Thanks wobbly smile I honestly feel too ashamed to talk to DH about it and I never thought I would say there was anything I couldn't talk to him about. And if I'm honest like the idea that I'll get a grip on myself and he'll kind of not even notice what's changed, just that things are better! At the minute he probably just thinks I am more nitpicky because of tiredness with DC.

terrierist Wed 27-Mar-13 17:33:52

Can you talk to your DH about this, point out the types of behaviours that you're not happy with and tell him you would like his help to work on changing them but that you only recognise them after the event.

Perhaps you could have a phrase he uses when he thinks you may be near to doing or saying something you may later regret - maybe 'lets have a quick hug, worried, before we carry on discussing this'. It could be a way of giving you a moment to take a step back from whatever the issue is and clear your head.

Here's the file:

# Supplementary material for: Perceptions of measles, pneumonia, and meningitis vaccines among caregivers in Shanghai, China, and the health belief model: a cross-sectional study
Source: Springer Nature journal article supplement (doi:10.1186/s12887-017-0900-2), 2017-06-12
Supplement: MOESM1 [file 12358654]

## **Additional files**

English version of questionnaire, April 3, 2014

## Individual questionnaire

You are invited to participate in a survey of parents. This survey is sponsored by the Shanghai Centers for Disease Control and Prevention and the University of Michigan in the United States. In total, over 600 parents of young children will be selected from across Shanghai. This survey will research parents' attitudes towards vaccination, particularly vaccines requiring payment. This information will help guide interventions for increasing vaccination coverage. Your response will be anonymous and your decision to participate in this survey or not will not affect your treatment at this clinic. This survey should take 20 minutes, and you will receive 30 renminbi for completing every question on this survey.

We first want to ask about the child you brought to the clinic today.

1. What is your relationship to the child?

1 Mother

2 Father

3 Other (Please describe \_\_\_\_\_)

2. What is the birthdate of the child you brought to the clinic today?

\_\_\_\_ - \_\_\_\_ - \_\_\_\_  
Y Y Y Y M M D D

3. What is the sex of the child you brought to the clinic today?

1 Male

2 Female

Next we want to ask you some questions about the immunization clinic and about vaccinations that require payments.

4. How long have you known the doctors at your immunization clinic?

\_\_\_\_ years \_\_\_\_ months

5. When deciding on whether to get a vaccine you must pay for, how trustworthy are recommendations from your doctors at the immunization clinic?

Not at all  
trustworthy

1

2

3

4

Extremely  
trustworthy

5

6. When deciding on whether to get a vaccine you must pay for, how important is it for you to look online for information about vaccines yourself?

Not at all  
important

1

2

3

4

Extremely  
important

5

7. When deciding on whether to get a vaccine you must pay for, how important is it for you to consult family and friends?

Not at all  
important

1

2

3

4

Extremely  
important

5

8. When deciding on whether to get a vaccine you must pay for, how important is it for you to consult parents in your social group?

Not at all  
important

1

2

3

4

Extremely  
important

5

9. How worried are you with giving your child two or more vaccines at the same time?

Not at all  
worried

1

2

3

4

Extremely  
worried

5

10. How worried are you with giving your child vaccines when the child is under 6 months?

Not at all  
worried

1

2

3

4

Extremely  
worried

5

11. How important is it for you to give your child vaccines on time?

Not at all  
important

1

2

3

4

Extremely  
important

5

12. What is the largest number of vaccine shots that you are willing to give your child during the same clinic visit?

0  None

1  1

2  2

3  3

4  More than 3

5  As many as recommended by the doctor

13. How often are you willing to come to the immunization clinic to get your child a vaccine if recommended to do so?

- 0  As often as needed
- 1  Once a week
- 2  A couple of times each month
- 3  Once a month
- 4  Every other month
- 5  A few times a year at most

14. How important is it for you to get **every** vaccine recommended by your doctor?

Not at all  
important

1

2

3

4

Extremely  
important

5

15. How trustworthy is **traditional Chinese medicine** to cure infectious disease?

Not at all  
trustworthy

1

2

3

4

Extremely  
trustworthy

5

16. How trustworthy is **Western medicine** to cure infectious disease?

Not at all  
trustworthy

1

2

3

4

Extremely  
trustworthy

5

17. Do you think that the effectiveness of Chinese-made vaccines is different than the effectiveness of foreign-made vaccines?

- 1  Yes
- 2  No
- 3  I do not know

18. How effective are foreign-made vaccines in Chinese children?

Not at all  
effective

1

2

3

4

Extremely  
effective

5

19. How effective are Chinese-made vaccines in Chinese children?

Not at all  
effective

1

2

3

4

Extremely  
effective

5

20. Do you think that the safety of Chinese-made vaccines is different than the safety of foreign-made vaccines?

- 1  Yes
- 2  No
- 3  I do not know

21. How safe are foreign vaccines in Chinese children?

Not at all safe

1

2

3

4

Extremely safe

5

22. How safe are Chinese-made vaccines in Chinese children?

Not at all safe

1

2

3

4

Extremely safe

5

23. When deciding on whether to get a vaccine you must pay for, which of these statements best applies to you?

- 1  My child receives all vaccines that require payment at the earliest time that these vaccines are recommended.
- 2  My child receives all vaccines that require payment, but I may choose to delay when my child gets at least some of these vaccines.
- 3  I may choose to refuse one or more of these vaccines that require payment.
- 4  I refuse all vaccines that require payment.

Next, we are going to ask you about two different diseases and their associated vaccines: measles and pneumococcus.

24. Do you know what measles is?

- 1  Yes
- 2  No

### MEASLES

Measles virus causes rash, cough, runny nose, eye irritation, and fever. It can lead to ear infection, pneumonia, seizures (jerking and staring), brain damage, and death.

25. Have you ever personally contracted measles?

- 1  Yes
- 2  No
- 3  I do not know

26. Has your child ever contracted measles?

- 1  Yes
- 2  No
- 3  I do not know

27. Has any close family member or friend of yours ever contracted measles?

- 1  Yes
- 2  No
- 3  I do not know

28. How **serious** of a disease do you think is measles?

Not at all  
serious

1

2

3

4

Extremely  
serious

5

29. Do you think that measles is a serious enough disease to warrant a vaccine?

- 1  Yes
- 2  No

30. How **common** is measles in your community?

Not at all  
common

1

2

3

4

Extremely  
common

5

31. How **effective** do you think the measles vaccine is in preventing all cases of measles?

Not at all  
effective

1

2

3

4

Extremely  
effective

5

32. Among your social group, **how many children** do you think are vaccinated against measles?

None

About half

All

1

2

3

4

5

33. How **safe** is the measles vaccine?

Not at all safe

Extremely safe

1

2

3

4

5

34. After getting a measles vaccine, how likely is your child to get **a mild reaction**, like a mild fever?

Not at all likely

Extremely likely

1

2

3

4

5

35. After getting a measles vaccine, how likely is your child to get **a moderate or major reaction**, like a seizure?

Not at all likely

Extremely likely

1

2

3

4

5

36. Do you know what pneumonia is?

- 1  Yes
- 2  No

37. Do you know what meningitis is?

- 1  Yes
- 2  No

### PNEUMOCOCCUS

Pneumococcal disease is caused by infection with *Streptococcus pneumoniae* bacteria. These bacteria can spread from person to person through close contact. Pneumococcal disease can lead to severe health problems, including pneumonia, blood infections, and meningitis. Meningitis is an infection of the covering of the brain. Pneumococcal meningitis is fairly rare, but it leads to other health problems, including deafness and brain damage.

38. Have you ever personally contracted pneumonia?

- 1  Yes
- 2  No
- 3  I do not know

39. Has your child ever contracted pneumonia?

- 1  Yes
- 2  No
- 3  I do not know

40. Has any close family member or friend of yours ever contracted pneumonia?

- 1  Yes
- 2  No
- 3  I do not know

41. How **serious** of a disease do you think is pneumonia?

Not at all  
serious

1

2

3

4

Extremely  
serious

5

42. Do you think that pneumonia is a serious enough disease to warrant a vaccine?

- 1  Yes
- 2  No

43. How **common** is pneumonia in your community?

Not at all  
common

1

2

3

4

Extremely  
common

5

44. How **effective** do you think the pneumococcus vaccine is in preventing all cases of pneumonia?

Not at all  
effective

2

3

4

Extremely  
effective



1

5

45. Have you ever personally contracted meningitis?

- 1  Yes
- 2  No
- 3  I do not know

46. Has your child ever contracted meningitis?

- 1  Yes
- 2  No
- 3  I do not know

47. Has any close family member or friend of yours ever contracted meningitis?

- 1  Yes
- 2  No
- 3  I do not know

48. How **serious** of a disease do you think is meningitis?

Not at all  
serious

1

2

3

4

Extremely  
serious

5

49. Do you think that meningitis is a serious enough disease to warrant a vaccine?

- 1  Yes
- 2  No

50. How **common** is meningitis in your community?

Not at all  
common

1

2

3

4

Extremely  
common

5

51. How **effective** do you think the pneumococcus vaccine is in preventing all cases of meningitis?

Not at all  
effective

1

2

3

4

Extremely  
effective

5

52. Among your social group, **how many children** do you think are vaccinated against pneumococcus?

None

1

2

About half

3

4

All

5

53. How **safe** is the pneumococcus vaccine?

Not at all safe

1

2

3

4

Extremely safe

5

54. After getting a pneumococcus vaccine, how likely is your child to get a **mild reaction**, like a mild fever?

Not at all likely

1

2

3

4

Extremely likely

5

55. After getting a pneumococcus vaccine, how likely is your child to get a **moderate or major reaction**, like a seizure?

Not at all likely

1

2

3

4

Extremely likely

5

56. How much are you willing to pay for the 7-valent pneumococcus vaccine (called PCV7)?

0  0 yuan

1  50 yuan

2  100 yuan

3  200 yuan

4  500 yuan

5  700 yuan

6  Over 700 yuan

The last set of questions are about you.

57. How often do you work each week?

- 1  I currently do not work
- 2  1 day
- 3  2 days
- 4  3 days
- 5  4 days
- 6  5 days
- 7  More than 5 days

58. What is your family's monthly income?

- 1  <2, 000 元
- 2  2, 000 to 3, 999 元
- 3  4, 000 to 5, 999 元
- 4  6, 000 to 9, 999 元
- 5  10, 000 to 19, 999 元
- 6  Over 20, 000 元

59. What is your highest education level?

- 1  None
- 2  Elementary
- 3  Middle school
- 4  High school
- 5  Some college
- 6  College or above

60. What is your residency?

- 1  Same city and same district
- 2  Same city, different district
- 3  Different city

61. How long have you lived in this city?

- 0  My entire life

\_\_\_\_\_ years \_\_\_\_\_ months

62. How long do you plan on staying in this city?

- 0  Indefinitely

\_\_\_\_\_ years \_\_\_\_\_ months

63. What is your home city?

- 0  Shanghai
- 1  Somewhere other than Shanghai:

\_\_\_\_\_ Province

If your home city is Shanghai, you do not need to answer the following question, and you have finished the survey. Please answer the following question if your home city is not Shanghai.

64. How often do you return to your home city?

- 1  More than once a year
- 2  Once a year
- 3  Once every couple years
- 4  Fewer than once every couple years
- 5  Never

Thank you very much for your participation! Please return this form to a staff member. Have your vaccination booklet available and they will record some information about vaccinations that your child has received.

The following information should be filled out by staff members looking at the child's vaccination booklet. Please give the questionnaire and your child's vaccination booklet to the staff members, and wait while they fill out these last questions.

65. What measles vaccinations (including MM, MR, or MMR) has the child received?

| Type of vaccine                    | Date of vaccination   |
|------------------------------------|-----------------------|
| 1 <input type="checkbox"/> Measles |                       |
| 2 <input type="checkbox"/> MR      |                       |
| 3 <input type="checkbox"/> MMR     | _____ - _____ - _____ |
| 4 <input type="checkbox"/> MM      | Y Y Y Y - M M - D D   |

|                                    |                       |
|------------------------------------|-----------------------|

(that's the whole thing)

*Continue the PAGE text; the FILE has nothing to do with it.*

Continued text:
terrierist Wed 27-Mar-13 17:36:31

Sorry - x post, but you shouldn't be ashamed to talk to him - this man loves you and is in the best place to help you.

ArtVandelay Wed 27-Mar-13 17:37:16

DH and I once discussed having a sticker chart when we went through a phase of carping at each other constantly. Although we never actually did it, we did have a lot of laughs saying 'thats not going to win a sticker' etc. So it worked by making us both more aware of our behaviours and lightening the mood.

Can you discuss these issues openly with your DH? Would you be able to accept being told that you are not behaving nicely and stop without a big row? Changing is not always easy, even when you want it.

ArtVandelay Wed 27-Mar-13 17:37:52

X-posted there, sorry

CheeseStrawWars Wed 27-Mar-13 17:40:27

Someone linked to this on here, which you might find helpful - ignore the massive banner at the top, and the content is thought-provoking.